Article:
I have struggled with the question posed to me by numerous people over the last several years. “Do you believe health care is a civil right?” In the U.S. this is a key question. We have long had a law in place (EMTALA) that mandates that any hospital emergency room that accepts government payment for services, i.e. takes Medicare or Medicaid payments, must provide emergency care for anyone who shows up regardless of their ability to pay. This sounds like the government feels all persons in the U.S. have the right at least to emergency care. Because of this regulation emergency rooms have become the primary care providers for many Americans. If you cannot afford health care all you need to do is show up at an ER and you will receive at least urgent types of care. The cost of this uncompensated health care is made up by those who do have a way to pay for their own emergency care being charged higher rates. In essence the law mandates that everyone has a right to health care and that those who can afford health care must pay for the emergency care of those who cannot afford it themselves, a type of behind-the-back mandate.
It is difficult to argue that receiving all of your health care at emergency rooms is serving anyone’s best interests. Patients get at best piecemeal and intermittent care. The costs of any single episode of treatment in an emergency room is far higher than at a primary care office. Continuity of care does not happen at emergency rooms, because by definition ERs are for emergencies, not ongoing disease management or preventive care services. So what has been happening in the U.S. for years is lousy primary care in emergency rooms under government mandate to provide it paid for by everyone else who pays health insurance premiums or pays for their own emergency care.
So after considerable thought, perhaps spurred by the recent Supreme Court ruling upholding the constitutionality of the Affordable Care Act, I have concluded that unequivocally yes, I do believe that health care is a basic civil right in the U.S. Although there has not been a court ruling or a constitutional amendment clearly upholding that right, I believe we as a country are nearing the time when we need to openly face this fact. As the most powerful, arguably the wealthiest, and hopefully among the most compassionate nations on earth we need to face our civic responsibility and find a way to provide health care to all of our citizens.
How to meet this responsibility is very much open to debate. It seems that unlike every other first-world country we are not ready to have a single-payer system yet. Neither political party seems ready for this, and I don’t hear any widespread grassroots outcry for a single-payer system. So what do we need? We need our elected legislators and president to govern. We as citizens need to demand that our elected leaders stop the partisan bickering and posturing and govern.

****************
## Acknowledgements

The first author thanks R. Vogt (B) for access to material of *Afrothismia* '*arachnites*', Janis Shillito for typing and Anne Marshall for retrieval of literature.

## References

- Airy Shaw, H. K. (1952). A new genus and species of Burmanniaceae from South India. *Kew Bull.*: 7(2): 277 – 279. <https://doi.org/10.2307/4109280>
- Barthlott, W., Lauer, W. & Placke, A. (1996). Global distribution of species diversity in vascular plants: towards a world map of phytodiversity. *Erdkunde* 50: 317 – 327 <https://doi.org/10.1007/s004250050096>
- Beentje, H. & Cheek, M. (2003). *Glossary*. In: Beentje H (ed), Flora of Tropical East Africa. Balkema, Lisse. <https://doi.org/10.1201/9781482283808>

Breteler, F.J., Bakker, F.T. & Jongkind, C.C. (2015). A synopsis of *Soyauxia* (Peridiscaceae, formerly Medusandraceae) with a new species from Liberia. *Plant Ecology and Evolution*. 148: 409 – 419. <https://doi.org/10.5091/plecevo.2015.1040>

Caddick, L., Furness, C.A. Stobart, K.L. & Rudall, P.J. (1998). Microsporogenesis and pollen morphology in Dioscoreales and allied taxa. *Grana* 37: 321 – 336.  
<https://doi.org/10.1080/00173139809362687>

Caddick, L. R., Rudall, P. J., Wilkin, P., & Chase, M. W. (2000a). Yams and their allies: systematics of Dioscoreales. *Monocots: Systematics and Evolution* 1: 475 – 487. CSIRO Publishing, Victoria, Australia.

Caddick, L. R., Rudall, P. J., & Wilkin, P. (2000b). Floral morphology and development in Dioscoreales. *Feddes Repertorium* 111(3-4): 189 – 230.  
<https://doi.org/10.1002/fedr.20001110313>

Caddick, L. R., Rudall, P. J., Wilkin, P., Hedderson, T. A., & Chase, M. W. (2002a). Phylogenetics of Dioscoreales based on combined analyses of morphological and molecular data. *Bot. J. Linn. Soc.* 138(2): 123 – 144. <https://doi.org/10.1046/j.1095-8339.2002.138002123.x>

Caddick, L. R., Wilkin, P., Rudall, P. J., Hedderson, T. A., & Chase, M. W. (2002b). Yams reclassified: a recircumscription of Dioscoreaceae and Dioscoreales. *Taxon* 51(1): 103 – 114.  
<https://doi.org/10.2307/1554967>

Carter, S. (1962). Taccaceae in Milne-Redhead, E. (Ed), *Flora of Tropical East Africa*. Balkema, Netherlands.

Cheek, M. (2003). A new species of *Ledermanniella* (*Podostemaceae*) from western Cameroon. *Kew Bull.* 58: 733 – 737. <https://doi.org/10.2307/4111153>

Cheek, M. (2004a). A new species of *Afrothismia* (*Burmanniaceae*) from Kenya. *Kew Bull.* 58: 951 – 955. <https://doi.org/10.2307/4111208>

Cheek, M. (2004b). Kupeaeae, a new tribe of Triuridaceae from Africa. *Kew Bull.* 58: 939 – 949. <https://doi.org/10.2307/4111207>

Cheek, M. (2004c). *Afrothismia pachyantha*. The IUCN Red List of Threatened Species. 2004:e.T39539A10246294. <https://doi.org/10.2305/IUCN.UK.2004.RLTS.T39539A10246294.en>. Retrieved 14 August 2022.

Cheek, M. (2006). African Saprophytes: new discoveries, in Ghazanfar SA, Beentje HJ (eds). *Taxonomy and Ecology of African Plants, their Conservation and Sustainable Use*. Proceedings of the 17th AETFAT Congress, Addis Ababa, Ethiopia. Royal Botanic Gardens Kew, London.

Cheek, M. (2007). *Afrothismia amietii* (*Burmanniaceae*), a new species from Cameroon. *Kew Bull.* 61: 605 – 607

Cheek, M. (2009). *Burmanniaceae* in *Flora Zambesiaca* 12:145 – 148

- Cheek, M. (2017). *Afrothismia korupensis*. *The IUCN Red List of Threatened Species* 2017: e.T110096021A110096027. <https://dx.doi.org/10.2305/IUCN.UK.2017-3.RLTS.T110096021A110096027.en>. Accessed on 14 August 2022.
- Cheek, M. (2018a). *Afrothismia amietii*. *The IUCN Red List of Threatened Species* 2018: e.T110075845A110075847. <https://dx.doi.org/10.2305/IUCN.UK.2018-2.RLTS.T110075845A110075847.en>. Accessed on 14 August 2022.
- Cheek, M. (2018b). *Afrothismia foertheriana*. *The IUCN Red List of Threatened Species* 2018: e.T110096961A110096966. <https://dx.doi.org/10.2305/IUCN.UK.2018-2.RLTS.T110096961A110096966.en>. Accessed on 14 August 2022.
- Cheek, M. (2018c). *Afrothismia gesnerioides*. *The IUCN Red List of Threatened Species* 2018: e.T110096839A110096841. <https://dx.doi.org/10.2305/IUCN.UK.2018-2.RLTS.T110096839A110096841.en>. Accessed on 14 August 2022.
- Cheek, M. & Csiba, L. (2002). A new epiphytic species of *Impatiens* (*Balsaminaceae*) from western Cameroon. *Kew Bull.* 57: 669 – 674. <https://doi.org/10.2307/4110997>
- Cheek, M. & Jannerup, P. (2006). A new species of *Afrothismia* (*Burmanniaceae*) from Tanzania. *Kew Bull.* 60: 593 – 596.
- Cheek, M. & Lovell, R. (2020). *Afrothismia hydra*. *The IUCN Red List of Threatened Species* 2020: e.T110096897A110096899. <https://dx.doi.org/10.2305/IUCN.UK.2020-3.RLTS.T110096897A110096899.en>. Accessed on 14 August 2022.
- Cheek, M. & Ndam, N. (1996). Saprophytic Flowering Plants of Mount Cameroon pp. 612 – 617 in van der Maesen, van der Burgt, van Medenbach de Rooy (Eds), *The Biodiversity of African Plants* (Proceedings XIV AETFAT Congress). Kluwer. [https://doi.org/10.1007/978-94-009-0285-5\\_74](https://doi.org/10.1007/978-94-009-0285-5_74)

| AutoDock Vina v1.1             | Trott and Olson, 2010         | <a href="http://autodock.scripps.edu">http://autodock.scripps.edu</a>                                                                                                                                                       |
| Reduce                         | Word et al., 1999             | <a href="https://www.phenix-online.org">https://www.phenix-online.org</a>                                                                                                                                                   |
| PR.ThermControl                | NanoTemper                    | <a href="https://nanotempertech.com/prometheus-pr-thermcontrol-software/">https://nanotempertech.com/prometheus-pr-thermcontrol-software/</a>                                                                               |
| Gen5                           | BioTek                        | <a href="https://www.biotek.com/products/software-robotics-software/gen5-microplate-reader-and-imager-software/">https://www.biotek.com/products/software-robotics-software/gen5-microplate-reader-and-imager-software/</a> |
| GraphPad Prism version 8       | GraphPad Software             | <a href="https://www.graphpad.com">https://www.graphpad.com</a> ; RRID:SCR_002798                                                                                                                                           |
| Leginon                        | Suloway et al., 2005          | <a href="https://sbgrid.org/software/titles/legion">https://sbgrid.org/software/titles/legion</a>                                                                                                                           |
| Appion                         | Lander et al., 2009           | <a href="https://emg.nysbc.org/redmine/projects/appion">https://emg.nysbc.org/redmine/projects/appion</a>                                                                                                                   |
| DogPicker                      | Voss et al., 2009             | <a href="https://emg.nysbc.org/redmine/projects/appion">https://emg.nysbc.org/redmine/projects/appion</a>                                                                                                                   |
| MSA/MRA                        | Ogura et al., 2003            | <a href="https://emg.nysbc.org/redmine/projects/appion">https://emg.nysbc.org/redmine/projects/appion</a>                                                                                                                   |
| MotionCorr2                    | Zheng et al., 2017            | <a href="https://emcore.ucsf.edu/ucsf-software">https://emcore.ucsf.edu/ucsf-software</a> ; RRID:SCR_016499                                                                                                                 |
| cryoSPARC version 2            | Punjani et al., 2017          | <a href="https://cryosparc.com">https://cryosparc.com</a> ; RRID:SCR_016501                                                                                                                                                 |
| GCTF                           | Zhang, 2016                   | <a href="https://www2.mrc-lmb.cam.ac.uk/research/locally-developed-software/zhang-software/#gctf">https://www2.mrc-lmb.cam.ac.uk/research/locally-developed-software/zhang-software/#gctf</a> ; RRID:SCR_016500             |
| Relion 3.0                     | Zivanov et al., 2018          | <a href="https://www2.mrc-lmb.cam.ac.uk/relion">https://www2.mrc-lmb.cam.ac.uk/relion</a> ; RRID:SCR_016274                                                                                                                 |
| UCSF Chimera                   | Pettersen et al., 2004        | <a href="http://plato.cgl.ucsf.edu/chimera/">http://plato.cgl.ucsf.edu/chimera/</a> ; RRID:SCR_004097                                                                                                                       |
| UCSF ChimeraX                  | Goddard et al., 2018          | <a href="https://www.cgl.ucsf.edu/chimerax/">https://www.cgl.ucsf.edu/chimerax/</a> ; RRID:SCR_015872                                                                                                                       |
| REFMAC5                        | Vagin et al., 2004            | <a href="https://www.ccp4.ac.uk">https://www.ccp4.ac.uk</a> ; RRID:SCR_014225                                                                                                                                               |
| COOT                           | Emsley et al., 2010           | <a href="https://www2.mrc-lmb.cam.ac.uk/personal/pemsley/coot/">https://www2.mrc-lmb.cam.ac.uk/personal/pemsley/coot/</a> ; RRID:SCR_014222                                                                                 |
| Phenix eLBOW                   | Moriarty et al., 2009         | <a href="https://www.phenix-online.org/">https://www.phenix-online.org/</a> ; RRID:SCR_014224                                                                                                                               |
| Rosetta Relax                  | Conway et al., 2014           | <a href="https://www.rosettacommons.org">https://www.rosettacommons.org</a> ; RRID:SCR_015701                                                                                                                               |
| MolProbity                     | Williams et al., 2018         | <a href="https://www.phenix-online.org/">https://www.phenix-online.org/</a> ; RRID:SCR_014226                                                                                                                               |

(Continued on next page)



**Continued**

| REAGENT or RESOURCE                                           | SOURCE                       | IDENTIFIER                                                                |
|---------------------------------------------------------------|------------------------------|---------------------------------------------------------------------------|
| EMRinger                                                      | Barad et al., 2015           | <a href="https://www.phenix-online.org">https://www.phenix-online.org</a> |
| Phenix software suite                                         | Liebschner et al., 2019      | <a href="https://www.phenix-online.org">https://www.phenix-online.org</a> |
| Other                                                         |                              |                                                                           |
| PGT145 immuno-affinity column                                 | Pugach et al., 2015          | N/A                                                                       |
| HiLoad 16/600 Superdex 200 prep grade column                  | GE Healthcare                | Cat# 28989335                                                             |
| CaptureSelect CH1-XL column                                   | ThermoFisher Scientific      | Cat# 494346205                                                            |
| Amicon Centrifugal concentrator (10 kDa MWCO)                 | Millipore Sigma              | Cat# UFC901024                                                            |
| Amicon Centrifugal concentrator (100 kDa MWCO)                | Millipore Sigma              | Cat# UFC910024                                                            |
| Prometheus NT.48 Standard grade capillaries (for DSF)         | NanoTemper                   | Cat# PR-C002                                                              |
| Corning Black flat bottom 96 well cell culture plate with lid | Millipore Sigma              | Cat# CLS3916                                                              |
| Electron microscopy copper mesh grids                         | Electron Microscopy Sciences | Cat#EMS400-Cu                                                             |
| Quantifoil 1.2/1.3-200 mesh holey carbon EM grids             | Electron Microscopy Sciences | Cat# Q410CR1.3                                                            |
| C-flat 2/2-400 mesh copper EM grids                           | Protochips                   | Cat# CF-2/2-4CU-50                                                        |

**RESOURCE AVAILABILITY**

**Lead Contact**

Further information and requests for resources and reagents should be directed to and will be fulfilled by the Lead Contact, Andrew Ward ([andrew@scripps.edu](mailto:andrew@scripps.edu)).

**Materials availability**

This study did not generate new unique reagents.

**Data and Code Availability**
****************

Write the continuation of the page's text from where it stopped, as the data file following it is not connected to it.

I remember even 20-30 years ago our leaders somehow found ways to compromise and find common ground from which to make progress toward trying to solve problems. Now it seems that our elected leaders are so focused on pleasing elements of their political parties that they cannot risk even trying to find areas of agreement on which to base legislation and compromise.
It seems that it is more important to politicians today to make their opponents look bad than to risk sharing credit for good policy. Is this just a pipe dream? Will it take a yet more eminent fiscal crisis to force our elected leaders to take the needed risk and find a way to get this done? Probably yes, but it is likely to be sooner than anyone expects.
I also understand that healthcare is just one of many pressing crises facing the U.S. Still it seems like one where it should be possible for our leaders to find solutions on which members of both parties can agree, and where we can expect progress acceptable to elected leaders of both parties. We just need them to stop fearing the radicals in their own parties more than they fear doing nothing in the face of crisis.
Let’s all tell our elected officials that if they don’t begin to find ways to put the needs of our country, states and cities ahead of partisanship that we will never vote for them again, and will keep electing new people until we find ones who will try to govern with courage and compassion.
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On a somewhat related topic I enjoyed reading the commencement speech by Donald Berwick MD to the Harvard Medical and Dental Schools graduating classes this May published in JAMA.
By Donald Berwick MD, MPP
June 27, 2012
Thank you for letting me share this glorious day with you and your loved ones. Feel good. Feel proud. You’ve earned it.
In preparation for today, I asked your dean of students what she thinks is on your mind. So, she asked you. The word you used—many of you—was this one: Worried read more